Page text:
We had a mixed reaction to this. On the one hand we were elated to finally have a state agency acknowledge that our territories were not part of Minnesota. On the other hand we were offended since we actively participate in and contribute to the Minnesota economy to the tune of millions of dollars every year. Fortunately, three weeks later the Department changed their position and stated: “Even though the panels will be made on tribal lands they will be considered eligible for ‘Made in Minnesota’ certification.” So we are now one of only five companies with this certification.

As we were working through the Saga deal we were approached by a representative of Efficiency Consultants International (ECI) about the potential to become an assembly/testing operation for their products – LED lights.

When we met with the principals they told us they had been trying to develop a working relationship with Indigenous nations and peoples for three years and had not been successful. After some discussion we realized that they had been trying to work through the Economic Development offices or programs of these Tribes/Nations and that for whatever reasons these attempts just never got off the ground because of the bureaucracies and inertia that besets a number of Tribes/Nations when it comes to being able to move quickly and decisively when presented with opportunities. We also learned that it just been bad timing because they had approached a couple of nations who were in the midst of an election cycle and no one wanted to make a decision.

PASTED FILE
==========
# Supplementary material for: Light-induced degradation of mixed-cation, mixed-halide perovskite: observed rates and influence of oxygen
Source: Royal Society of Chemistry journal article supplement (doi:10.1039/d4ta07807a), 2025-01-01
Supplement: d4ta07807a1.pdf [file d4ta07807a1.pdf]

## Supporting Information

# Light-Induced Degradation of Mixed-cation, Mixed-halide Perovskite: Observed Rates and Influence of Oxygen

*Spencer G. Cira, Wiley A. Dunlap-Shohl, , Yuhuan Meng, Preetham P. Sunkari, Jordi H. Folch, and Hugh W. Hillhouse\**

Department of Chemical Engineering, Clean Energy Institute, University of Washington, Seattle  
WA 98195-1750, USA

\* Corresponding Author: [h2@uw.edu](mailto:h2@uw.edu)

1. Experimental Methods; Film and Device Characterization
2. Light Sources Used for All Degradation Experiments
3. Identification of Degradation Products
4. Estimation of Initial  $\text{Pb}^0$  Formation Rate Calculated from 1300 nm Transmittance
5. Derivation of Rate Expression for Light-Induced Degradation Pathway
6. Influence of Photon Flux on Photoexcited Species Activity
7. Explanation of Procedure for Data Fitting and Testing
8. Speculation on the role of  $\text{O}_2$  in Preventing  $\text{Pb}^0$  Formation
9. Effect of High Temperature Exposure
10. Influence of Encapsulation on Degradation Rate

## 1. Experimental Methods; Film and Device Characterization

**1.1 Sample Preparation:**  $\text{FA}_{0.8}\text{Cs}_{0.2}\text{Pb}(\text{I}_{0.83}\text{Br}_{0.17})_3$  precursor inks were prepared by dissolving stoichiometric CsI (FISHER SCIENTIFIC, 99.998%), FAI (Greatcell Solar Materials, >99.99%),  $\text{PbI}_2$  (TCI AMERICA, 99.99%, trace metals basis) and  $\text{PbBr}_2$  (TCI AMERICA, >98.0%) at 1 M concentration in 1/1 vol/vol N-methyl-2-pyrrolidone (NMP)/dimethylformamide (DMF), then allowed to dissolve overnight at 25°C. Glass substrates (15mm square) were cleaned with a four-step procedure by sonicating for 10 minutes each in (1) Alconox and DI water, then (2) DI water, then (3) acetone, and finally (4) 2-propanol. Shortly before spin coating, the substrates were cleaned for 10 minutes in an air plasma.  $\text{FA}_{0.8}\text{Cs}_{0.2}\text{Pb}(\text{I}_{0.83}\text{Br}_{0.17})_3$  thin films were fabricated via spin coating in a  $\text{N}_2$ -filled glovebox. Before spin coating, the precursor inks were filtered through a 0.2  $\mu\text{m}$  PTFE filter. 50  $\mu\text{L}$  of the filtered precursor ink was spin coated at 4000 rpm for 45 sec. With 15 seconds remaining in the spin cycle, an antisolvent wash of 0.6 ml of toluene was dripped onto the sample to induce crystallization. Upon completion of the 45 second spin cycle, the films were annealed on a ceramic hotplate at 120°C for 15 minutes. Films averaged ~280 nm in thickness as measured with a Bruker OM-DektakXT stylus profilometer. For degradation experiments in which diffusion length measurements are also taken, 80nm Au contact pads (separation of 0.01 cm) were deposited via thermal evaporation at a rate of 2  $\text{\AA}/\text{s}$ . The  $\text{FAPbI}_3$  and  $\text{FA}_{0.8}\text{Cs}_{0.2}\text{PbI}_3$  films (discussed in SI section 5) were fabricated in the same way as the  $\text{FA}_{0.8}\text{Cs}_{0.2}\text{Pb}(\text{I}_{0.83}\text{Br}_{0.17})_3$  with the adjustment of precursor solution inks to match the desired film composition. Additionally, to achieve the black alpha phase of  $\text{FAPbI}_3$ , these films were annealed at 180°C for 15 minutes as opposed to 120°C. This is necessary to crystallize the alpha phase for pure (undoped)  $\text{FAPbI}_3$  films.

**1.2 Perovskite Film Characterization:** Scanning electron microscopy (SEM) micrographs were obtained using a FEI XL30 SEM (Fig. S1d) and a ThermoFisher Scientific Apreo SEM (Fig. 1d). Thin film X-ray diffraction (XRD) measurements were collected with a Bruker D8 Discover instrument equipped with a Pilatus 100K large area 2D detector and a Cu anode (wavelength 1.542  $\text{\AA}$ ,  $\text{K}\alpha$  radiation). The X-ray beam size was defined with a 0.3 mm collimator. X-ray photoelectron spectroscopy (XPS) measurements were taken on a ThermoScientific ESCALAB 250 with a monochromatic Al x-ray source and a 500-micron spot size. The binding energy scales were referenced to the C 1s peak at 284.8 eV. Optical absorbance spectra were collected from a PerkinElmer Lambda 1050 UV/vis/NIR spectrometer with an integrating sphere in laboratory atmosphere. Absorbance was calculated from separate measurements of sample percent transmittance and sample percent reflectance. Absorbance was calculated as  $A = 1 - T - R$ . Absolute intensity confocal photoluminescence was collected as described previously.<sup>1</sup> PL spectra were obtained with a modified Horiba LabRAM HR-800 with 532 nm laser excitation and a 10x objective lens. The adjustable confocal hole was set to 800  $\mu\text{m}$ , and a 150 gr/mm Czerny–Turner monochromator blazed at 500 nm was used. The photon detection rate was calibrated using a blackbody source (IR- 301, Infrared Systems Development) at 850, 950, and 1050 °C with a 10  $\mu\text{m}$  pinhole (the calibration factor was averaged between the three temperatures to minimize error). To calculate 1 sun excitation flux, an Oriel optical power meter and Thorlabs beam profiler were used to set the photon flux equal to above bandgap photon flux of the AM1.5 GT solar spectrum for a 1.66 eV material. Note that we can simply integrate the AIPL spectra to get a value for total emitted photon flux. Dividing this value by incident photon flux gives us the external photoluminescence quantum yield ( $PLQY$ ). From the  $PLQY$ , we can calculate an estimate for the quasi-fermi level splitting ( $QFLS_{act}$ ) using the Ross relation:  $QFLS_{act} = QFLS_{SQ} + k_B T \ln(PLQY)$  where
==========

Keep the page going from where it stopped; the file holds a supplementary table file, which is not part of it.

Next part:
As privately held Indigenous nation chartered companies we sit in a unique position. We are not part of the bureaucracy and politics of trying to engage in development within the territory. We can quickly make our own decisions and take the actions necessary to bringing an idea to fruition.

In both the Saga and ECI deals we saw the opportunity to re-invigorate the stagnated economy of north-central Minnesota by establishing manufacturing operations. We also saw the long term potential that engaging in both industries provided in terms of jobs, skills, and training needed to grow these opportunities into the future. For far too long the only job options within the territory have been to work in either the government or gaming. If young people want to pursue other opportunities they have to leave the territory and move many miles away from us.

The third opportunity we have been working on since 2009 is the establishment of a house manufacturing operation focused on providing:

  1. Housing built to a higher standard and surpasses current codes;
  2. Housing that is durable and robust to withstand a wide variety of climates and conditions;
  3. Housing that achieves the highest efficiencies possible, lowering occupancy costs;
  4. Housing that meets and/or exceeds LEED standards; and